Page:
There have also been many attempts in the prior art to produce portable waste water treatment facilities using one or more of the above-mentioned techniques. However, these prior art portable units known to date have either been very limited in volume or have been severely restricted in the various types of contaminates that can be removed or in the efficiency of removal. By efficiency of removal, we mean not only the percentage of contaminates removed but additionally the cost of energy and chemicals required to cause such removal. Further, many of the prior art devices have not been designed in a manner to proficiently gather the removed contaminates in a form that can be efficiently reprocessed for recycling.
Although ozone has been used for treatment of drinking water as early as 1903, it has been under utilized as many people have considered its use only as a disinfectant and have failed to utilize ozone for its highly reactive oxidation qualities. In other words, the traditional use of ozone has been to kill bacteria, rather than to aid in the decomposition and/or removal of contaminates.
Ultraviolet or photolysis technologies have been used for years in the treatment of drinking water to remove bacteria and other water contaminates. However, only recently has it been determined that when ultraviolet light and ozone are combined, a rather "explosive" reaction occurs to create a highly reactive hydroxyl ion. The end result of this is that many compounds, that neither ultraviolet light or ozone can independently remove, may be removed by the combination of those technologies. The rate of removal is extremely rapid so that treatment time is reduced to a short time compatible with continuous flow system treatment schedules. Such prior art techniques have not been combined into an overall system of a type which could be made portable for site treatment of contaminated waters.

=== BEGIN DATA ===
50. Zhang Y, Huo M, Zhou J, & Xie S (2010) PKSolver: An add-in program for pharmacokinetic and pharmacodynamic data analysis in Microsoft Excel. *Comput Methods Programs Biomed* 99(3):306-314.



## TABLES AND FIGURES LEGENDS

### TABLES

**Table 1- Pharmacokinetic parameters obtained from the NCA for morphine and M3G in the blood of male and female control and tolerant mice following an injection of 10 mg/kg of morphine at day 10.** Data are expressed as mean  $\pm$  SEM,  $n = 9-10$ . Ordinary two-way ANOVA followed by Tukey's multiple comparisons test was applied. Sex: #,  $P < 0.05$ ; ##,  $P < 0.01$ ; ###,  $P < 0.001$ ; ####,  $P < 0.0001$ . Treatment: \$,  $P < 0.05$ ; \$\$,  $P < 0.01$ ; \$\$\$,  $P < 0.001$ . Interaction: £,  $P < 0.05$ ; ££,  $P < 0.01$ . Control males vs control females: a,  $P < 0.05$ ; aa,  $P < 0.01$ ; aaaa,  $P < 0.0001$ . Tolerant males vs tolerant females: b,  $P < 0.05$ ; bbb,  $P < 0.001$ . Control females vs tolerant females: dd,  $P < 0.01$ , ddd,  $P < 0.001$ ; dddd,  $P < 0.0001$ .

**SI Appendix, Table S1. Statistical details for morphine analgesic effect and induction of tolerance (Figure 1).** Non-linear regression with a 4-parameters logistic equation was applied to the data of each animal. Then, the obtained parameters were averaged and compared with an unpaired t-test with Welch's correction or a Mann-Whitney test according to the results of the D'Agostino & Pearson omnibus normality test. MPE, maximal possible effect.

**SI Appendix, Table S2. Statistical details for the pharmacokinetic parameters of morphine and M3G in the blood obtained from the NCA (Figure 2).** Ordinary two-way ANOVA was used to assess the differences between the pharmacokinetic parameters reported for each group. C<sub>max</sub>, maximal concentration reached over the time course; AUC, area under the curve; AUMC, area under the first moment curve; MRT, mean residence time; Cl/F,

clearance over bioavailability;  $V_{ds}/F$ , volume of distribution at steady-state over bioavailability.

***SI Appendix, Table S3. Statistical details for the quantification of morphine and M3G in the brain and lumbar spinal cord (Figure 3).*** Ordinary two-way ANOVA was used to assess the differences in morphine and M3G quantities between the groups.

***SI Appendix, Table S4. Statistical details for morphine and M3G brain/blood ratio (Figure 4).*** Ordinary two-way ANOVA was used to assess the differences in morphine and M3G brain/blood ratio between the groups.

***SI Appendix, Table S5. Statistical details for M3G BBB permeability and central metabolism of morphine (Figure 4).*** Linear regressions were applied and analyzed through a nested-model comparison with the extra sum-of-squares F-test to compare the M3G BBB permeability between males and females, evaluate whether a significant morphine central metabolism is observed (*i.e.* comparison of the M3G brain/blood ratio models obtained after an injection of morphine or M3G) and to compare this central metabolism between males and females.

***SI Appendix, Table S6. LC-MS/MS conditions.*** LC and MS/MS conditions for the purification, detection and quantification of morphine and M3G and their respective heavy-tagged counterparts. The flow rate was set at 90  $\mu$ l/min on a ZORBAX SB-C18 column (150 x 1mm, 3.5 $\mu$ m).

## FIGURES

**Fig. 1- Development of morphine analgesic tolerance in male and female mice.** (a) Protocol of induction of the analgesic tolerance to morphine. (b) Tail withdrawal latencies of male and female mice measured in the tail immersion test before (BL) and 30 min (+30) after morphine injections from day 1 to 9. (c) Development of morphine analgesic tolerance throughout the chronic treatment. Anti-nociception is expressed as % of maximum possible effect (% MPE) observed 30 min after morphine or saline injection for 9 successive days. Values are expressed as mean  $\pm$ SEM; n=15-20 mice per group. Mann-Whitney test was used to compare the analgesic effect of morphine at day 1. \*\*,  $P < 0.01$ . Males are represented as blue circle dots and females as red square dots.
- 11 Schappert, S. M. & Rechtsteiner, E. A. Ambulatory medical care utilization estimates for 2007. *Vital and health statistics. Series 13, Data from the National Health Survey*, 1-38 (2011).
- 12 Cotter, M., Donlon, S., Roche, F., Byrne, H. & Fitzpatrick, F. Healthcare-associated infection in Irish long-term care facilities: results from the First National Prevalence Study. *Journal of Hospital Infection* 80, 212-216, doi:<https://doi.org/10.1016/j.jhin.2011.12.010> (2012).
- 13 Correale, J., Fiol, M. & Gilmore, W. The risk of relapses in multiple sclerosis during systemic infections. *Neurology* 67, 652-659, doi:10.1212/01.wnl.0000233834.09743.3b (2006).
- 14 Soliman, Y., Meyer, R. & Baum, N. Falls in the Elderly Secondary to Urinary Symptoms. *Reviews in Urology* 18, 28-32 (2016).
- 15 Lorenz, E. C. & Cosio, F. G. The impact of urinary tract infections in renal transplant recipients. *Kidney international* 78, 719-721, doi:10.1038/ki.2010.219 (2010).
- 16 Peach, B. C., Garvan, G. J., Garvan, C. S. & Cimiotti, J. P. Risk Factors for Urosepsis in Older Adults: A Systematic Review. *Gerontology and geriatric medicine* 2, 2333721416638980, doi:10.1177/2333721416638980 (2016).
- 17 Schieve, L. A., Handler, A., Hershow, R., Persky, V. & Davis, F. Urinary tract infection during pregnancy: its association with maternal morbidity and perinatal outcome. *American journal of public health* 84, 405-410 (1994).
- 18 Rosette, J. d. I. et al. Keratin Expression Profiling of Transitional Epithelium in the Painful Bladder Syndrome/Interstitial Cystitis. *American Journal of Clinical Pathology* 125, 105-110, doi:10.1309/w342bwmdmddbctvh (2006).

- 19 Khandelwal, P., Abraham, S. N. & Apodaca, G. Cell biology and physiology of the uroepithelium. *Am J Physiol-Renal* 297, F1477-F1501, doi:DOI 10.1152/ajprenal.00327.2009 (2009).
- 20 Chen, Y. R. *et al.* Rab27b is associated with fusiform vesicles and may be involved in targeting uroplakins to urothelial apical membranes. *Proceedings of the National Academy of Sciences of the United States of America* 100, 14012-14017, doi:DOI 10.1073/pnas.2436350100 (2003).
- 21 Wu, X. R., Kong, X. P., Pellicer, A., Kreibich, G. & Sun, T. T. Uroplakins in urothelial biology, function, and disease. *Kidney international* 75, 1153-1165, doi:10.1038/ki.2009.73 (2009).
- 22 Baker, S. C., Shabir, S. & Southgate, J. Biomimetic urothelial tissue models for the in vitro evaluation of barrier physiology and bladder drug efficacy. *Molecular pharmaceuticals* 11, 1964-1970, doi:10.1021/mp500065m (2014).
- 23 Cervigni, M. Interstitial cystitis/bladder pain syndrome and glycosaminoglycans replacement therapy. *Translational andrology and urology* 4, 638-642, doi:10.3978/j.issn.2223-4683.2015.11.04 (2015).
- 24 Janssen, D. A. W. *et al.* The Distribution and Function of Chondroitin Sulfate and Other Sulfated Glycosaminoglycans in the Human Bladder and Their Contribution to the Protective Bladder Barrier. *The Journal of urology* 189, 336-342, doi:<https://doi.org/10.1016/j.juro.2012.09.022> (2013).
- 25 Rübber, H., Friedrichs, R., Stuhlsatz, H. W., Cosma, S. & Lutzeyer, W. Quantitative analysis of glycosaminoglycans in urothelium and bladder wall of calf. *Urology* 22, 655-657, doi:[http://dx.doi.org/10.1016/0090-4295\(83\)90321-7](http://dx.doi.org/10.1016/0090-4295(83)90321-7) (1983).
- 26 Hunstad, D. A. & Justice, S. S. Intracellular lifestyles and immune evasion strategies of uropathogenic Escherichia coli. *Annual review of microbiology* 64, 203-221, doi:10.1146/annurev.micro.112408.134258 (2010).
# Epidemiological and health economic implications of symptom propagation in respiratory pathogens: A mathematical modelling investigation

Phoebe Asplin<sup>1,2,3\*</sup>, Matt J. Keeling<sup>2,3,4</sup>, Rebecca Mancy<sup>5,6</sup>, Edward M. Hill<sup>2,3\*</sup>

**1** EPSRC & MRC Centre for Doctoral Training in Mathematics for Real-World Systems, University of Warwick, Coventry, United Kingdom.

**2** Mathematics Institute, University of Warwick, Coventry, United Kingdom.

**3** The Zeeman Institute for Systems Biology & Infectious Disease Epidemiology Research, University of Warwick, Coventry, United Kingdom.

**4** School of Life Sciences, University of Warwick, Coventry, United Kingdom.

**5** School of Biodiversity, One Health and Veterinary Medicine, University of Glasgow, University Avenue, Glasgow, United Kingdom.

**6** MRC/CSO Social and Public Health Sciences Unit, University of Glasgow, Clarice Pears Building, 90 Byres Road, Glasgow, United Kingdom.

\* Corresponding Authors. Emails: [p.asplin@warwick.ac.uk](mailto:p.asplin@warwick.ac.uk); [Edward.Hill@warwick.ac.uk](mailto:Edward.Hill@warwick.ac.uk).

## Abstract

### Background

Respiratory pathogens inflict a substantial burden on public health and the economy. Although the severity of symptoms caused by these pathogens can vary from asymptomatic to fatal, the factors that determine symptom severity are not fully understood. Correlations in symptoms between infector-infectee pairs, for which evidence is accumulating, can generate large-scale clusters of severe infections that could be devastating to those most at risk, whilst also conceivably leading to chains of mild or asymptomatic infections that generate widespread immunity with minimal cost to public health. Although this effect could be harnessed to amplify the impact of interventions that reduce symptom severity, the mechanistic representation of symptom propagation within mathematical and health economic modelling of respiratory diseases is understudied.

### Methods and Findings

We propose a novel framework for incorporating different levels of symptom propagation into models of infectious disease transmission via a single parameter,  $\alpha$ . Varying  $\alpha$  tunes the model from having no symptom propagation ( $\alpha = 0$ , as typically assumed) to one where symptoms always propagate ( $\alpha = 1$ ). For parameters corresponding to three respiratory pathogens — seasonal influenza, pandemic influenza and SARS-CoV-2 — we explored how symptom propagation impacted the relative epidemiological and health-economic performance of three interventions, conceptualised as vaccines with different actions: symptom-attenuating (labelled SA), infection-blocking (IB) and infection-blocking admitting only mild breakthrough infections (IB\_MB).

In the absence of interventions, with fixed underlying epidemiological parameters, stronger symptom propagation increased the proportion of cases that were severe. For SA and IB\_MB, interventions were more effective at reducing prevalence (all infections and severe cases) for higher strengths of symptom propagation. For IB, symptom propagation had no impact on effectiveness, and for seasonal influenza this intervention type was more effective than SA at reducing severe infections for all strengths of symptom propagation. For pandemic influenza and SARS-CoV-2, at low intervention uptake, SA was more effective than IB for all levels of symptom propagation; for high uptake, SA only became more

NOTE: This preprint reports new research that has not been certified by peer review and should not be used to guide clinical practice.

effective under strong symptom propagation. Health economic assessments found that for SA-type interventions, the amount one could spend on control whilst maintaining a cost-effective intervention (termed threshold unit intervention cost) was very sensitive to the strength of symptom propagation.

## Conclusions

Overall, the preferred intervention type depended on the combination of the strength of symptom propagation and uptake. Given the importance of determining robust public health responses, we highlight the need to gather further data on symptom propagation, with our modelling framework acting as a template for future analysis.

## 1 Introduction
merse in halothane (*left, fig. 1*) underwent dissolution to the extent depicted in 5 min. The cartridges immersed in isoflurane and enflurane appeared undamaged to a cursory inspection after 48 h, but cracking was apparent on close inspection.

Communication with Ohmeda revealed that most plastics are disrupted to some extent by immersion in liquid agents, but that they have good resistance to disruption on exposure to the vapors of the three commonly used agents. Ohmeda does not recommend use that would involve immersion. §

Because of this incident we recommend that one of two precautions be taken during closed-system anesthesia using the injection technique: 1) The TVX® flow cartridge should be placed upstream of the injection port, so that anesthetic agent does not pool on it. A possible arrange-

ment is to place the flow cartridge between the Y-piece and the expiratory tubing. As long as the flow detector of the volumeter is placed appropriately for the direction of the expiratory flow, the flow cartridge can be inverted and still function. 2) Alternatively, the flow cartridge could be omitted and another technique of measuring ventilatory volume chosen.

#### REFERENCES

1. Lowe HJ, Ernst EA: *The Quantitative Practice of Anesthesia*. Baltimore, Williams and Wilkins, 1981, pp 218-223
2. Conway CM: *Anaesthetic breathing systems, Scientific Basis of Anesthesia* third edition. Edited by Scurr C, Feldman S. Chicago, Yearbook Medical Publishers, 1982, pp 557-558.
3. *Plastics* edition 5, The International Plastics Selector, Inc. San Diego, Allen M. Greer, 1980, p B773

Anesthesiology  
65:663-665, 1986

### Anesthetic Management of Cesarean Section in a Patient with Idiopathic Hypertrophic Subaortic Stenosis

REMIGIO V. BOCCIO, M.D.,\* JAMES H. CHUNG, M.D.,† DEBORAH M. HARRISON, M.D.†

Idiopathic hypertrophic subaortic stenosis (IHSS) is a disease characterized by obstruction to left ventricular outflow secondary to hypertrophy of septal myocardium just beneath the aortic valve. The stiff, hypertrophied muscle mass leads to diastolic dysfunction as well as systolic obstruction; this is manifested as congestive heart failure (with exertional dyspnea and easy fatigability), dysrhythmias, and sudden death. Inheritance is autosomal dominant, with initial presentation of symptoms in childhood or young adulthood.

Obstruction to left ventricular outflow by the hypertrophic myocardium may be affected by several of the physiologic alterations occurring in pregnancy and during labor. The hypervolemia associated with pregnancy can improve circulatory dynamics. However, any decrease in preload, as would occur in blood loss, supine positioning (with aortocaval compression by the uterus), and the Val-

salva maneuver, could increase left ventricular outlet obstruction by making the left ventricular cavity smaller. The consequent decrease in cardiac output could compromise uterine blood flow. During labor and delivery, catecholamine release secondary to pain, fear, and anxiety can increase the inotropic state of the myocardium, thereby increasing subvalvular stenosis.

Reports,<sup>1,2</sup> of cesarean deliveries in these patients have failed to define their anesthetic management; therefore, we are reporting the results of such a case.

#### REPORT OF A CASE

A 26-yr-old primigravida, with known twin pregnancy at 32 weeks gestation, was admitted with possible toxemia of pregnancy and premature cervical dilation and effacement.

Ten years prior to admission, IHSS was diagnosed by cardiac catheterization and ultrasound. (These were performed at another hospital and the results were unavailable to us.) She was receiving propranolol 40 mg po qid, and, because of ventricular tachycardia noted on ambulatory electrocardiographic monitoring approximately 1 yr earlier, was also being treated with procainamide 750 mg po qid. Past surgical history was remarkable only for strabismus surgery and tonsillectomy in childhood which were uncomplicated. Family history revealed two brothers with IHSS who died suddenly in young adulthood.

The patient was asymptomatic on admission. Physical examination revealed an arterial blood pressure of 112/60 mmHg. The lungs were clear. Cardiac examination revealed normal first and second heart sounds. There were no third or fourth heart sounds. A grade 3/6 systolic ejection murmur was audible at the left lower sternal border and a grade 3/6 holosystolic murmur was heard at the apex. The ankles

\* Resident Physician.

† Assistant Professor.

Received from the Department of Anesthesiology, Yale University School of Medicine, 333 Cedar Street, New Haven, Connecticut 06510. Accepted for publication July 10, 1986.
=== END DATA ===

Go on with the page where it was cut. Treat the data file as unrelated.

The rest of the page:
The principal object of the present invention is to provide a waste treatment system which can be operated in a portable configuration.
A related object of the present invention is to provide a waste treatment facility which can operate on a continuous, rather than a batch basis.
Another object of the present invention is to provide a waste treatment facility which can remove a wide range of contaminates from the waste water.
Yet another object of the present invention is the design of a waste water treatment system wherein the removed contaminates can be readily accessed for recycling of the various component parts.
Still another object of the present invention is to minimize the introduction of chemical agents into the water being treated.
Another object of the invention is to disclose an improved step in the treatment of contaminants prior to electrochemical flocculation for minimizing the adherence of any of said contaminants to the liquor contacting surfaces within the electrochemical flocculation unit.
Yet another object of the invention is to provide an improved ozonation treatment stage in an overall water treatment system.